Is there an empirical association between changes in astigmatism at both corneal surfaces when a change in ocular refractive astigmatism occurs between one time and another after implantation of a monofocal nontoric IOL?

The aim of this study was to provide answers to the question posed by; first, monitoring astigmatism by objective and subjective refraction and the astigmatism at both corneal surfaces, and second, subjecting all astigmatic data to vector analysis to calculate the actual change in astigmatism in each component in cases that underwent routine uncomplicated phacoemulsification.

2. Materials and Methods

2.1. Measurement of Corneal Surfaces and Refractive Astigmatism

Orbscan II (Bausch & Lomb, Rochester, NY) provides axial dioptric power maps of both corneal surfaces over the central optical zone diameters of 3 mm and 5 mm and the average pupil diameter under the prevailing conditions. This device is a placido disc scanning slit-lamp system designed to retrieve data from 9000 locations over the cornea [26]. The scanning slit provides the numerical separation between the two corneal surfaces at each location. These data, in conjunction with the dioptric power maps generated for the front surface, are used to construct an axial dioptric power map of the back surface. The algorithm used is an extension of earlier methods [13, 25]. Calculation of corneal back surface powers is based on refractive index values of 1.376 for the cornea and 1.336 for the aqueous humour. The data from the multiple power maps are averaged to provide astigmatic power, and axis, values over two corneal chord diameters (3 mm and 5 mm). Full descriptions and functionality of Orbscan II are provided elsewhere [26, 27]. This is a long-standing instrument proven to be useful for examining the corneal surfaces in a wide range of studies [11, 2833]. Refractive astigmatism was determined by autorefractometry and by routine subjective refraction.

2.2. Calculating Change in Astigmatism

Suppose astigmatism changed from +1.00 DC × 155 to +1.50 DC × 155 between times T1 and T2, then the change in astigmatism was +0.50 DC × 155. Simple subtraction cannot be used when there is a change in the axis of astigmatism. Methods based on vector analysis must be employed for the numerical assessment when changes occur in both the power and axis. The astigmatic data obtained by refraction and Orbscan II were subjected to analysis using two methods. First, a simple graphical adjustment [34] that produces results identical to those produced using the method advanced by Alpins [35], and second, the technique proposed by Thibos et al. [36]. The first procedure renders astigmatic data in a polar format, while the second expresses the same data in a Cartesian format. The first method calculates the exact difference, in both power and axis, of any change in astigmatism between times T1 and T2. The second method requires computation of J0 and J45 vectors as described elsewhere [34]. This process brings together individual pairs of astigmatic power and axis values into single figures (J0 and J45). Sets of J0 and J45 values are amenable to relatively simple statistical analysis. Two algorithms were used to calculate the two sets of vectors even though it is possible to derive the results of the first procedure from the second. The changes in astigmatism over the corneal surfaces, and by both objective and subjective refraction, were calculated for the periods between 1 and 2 months and between 2 and 3 months postoperatively.

2.3. Study Design

This was a prospective, consecutive, partially masked, single-centre, observational study adhering to the tenets of the Declaration of Helsinki and approved by the local ethics committee. All patients gave signed consent after the purpose and procedures of the study were fully explained. Measurements were obtained from each patient on a consecutive, case-by-case, basis.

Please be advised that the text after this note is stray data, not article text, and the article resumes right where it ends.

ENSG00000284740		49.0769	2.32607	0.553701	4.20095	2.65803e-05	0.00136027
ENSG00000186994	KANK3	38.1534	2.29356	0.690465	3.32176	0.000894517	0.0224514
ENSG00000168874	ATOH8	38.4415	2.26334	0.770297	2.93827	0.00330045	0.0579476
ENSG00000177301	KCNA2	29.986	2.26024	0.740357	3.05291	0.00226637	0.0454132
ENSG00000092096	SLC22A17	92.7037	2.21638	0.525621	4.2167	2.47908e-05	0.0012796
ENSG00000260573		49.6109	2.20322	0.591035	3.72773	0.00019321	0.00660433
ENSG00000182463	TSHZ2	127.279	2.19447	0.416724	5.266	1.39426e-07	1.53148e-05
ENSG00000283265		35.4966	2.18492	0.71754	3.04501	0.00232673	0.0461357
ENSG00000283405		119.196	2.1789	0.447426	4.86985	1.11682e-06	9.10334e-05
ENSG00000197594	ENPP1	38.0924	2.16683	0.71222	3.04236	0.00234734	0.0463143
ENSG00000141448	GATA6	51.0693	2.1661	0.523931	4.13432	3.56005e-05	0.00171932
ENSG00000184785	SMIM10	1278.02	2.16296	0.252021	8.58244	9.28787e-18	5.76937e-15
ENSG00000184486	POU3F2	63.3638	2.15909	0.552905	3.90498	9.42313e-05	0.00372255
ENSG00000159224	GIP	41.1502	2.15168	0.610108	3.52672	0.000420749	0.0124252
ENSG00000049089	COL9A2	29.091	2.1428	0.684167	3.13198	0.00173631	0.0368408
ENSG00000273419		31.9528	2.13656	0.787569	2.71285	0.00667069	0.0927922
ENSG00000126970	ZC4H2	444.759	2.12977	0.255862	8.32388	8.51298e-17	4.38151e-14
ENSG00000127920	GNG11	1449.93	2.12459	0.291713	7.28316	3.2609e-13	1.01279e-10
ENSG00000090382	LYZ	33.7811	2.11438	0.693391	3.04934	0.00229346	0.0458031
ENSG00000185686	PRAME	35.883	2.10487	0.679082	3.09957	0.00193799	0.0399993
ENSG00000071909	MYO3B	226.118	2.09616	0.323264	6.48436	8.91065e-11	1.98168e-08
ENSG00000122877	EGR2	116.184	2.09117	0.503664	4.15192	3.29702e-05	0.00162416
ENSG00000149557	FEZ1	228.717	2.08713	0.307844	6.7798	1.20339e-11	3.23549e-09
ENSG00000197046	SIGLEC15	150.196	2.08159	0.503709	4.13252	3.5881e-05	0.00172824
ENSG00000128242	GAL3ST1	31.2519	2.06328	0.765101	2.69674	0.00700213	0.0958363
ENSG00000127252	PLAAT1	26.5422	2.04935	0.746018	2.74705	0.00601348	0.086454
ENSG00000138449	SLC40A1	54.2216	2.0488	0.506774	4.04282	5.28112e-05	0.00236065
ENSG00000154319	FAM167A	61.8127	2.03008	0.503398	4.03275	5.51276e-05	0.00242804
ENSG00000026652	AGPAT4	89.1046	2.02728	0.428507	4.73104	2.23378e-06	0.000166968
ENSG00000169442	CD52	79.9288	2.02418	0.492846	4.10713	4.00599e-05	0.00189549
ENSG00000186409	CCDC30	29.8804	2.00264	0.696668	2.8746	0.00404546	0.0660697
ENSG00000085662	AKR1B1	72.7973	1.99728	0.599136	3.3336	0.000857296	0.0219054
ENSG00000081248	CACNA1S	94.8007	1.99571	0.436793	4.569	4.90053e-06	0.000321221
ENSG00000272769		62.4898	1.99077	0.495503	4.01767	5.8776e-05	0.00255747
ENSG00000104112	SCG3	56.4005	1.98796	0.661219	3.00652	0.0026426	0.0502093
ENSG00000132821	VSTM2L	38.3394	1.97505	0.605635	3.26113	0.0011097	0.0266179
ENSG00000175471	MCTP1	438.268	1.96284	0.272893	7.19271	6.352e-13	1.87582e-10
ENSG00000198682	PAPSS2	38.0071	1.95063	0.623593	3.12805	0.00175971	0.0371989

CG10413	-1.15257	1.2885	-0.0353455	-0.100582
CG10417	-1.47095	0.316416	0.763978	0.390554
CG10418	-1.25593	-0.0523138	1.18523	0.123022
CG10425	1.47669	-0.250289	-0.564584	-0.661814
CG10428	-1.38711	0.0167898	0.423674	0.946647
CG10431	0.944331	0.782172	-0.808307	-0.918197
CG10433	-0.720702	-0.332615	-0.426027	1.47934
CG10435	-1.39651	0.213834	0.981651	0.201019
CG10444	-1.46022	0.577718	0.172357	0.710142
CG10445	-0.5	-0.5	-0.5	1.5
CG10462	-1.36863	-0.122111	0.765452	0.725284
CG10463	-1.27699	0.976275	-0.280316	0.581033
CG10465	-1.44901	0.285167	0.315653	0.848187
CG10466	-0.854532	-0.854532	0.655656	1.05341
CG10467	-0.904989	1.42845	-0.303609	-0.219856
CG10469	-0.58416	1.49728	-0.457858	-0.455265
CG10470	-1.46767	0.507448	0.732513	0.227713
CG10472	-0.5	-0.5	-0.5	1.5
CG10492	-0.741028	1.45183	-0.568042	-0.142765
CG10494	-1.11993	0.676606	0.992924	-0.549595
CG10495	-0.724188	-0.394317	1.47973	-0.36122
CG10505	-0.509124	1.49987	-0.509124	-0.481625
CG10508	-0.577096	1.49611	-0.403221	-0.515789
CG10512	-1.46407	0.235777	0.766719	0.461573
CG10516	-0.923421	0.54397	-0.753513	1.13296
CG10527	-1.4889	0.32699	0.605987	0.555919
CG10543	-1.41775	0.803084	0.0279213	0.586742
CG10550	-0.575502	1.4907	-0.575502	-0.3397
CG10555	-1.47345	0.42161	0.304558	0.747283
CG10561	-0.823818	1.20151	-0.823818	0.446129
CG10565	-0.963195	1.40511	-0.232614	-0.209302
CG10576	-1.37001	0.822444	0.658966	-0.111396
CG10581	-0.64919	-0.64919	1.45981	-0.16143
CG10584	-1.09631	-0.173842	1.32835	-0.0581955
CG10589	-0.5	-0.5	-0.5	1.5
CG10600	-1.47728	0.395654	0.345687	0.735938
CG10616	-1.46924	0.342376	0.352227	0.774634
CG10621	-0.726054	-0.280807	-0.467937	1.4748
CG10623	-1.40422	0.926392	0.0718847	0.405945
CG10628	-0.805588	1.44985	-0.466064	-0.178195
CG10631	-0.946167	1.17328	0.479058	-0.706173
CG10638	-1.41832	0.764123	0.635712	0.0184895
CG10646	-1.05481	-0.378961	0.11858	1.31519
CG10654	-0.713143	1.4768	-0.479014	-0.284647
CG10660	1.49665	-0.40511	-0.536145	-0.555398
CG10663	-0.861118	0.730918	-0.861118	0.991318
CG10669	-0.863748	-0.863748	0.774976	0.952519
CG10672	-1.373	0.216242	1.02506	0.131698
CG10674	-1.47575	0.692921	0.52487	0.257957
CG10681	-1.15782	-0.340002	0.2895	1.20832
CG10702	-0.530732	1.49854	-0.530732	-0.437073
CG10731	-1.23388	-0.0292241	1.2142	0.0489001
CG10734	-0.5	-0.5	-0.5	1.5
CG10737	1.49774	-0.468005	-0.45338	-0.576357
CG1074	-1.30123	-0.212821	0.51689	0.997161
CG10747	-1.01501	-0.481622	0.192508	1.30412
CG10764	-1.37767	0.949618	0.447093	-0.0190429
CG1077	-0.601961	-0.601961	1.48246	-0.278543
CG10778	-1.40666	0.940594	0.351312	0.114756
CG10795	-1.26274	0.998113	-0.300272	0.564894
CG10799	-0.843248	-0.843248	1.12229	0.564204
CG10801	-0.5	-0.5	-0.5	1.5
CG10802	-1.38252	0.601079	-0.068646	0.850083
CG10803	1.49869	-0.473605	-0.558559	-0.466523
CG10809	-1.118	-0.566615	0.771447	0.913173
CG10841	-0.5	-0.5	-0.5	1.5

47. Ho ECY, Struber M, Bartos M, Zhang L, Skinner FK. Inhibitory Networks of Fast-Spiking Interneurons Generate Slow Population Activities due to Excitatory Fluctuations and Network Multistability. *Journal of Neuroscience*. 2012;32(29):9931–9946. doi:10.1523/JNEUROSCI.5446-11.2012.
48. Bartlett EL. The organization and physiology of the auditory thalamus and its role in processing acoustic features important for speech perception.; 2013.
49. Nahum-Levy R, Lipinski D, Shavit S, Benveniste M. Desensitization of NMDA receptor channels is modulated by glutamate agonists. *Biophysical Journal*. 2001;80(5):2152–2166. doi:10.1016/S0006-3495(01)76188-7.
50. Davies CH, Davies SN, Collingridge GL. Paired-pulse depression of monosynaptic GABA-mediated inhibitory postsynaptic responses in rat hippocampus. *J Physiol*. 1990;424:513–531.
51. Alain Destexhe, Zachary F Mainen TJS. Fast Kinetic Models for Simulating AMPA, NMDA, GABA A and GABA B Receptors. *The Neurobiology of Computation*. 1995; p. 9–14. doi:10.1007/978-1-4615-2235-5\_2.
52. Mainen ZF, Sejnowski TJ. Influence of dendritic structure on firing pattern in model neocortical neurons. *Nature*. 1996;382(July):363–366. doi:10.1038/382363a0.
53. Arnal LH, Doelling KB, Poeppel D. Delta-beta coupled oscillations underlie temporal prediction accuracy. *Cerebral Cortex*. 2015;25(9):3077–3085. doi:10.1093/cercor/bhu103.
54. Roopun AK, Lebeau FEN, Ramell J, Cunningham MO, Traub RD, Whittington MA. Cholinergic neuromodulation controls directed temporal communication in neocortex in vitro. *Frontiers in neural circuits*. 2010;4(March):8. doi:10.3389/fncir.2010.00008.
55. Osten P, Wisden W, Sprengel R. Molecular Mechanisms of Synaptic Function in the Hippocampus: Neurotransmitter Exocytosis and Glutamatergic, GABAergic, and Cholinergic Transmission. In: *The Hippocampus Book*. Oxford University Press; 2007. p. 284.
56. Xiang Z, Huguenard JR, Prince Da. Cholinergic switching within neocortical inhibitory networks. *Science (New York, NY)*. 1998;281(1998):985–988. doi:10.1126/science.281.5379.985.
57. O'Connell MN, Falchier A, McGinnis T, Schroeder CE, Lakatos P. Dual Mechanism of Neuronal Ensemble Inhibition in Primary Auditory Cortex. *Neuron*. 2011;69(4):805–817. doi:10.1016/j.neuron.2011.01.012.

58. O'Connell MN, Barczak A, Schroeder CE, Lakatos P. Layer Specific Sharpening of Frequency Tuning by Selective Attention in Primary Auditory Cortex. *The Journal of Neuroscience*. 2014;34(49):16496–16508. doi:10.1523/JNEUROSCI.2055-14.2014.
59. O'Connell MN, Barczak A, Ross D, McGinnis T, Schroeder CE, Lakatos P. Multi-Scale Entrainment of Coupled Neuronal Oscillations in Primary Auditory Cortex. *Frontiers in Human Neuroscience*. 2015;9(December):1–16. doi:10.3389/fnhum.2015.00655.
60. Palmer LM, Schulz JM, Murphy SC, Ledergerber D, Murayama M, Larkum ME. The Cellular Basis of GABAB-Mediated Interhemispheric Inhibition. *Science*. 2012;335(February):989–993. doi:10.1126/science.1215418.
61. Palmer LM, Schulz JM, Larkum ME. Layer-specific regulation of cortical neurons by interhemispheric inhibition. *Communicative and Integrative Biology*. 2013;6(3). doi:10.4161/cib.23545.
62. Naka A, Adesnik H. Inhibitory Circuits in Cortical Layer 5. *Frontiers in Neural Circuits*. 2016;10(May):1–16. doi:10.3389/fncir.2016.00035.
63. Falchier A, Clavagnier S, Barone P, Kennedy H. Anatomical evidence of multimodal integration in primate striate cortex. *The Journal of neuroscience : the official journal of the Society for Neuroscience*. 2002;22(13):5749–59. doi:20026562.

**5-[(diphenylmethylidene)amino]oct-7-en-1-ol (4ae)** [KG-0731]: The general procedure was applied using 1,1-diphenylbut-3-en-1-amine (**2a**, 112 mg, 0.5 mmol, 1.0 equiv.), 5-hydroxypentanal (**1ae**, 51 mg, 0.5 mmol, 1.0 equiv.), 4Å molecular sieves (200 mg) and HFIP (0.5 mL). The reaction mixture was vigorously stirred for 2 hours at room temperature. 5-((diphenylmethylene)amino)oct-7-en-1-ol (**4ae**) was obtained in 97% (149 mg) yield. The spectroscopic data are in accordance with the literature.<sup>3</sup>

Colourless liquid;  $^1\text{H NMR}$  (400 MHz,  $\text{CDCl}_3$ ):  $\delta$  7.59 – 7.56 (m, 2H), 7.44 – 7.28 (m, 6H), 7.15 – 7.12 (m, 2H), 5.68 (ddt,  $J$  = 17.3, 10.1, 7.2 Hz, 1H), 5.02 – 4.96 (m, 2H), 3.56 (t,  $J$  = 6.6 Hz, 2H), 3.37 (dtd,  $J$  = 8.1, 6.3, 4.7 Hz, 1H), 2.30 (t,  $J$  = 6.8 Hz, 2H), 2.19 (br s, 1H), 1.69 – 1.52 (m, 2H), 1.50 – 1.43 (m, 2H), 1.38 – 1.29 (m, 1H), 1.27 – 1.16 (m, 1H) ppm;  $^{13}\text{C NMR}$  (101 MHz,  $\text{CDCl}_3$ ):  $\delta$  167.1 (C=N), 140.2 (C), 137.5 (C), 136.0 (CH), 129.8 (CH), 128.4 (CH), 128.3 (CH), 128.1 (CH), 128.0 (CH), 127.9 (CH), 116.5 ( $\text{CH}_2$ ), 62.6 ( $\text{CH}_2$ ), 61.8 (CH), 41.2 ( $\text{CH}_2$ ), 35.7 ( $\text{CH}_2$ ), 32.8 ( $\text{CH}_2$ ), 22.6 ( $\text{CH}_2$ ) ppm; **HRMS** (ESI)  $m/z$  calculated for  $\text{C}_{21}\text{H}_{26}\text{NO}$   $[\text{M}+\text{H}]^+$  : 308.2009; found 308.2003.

2.4. Exclusion Criteria

None of the patients enrolled had any history of previous ocular surgery, contact lens wear, high refractive error, corneas thinner than 545 μm, unusual corneal topography (at the front or back surface of the cornea), corneal opacities, and active or previous conditions linked to either the anterior or posterior segment. All had a need for routine cataract surgery only.

2.5. IOL Power Selection

Biometry was performed by one examiner using an IOL Master 700 SWEPT source OCT-biometer, software version 1.70 (Carl Zeiss, Meditec AG, Jena). Eight IOL power formulae of the 3rd and 4th generation were used: Barrett Universal II, Haigis, Hoffer Q, Holladay 1, Holladay 2, SRK/T, T2, and VRF. All except T2 and VRF were part of the IOL Master 700 software version 1.70. The T2 formula is a modified and enhanced version of the most popular SRK/T formula resulting in significant improvements of prediction accuracy and is available from the author’s website as an Excel spreadsheet (Microsoft, Redmond, WA), T2 formula Calculator V.1.3. In comparison to SRK/T, the T2 formula leads to a 10% improvement in the prediction accuracy of refractive outcomes [37]. As an additional feature, a recently published VRF formula was used for all our IOL power calculations. This formula has been validated for an extensive range of axial lengths, and it is available as part of the ViOL Commander Software version 2.0.0.0 [38]. The most appropriate and suitable formula was chosen by the examiner depending on the parameters of the eye and personal experience. For short eyes, the Haigis, Hoffer Q, and VRF formulae were used; for eyes with medium axial lengths, Holladay 1 and VRF were used; for eyes with medium to long axial lengths, Holladay 1, Holladay 2, and T2 were used; and for long eyes, Barrett Universal II and SRK/T were used. The IOL selected for implantation in each case was a hydrophobic acrylic 1-piece monofocal nontoric lens of either an aspheric (SN60WF, Alcon Surgical, Inc.) or spherical (SN60AT, Alcon Surgical, Inc.) design.